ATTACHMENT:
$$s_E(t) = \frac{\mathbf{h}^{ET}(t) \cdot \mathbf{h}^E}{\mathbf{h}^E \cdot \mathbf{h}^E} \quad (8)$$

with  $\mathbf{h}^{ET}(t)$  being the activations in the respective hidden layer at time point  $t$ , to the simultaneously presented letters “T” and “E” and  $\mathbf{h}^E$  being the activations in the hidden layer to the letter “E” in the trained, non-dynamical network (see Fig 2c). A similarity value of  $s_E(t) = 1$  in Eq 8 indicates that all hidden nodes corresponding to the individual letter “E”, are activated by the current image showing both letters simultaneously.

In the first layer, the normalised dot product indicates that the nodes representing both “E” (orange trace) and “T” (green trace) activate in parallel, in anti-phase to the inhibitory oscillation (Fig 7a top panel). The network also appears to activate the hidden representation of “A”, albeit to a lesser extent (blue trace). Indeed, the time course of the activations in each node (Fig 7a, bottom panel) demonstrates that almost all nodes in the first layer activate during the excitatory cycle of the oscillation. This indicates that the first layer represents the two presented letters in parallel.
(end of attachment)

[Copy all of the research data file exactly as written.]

$$s_E(t) = \frac{\mathbf{h}^{ET}(t) \cdot \mathbf{h}^E}{\mathbf{h}^E \cdot \mathbf{h}^E} \quad (8)$$

with  $\mathbf{h}^{ET}(t)$  being the activations in the respective hidden layer at time point  $t$ , to the simultaneously presented letters “T” and “E” and  $\mathbf{h}^E$  being the activations in the hidden layer to the letter “E” in the trained, non-dynamical network (see Fig 2c). A similarity value of  $s_E(t) = 1$  in Eq 8 indicates that all hidden nodes corresponding to the individual letter “E”, are activated by the current image showing both letters simultaneously.

In the first layer, the normalised dot product indicates that the nodes representing both “E” (orange trace) and “T” (green trace) activate in parallel, in anti-phase to the inhibitory oscillation (Fig 7a top panel). The network also appears to activate the hidden representation of “A”, albeit to a lesser extent (blue trace). Indeed, the time course of the activations in each node (Fig 7a, bottom panel) demonstrates that almost all nodes in the first layer activate during the excitatory cycle of the oscillation. This indicates that the first layer represents the two presented letters in parallel.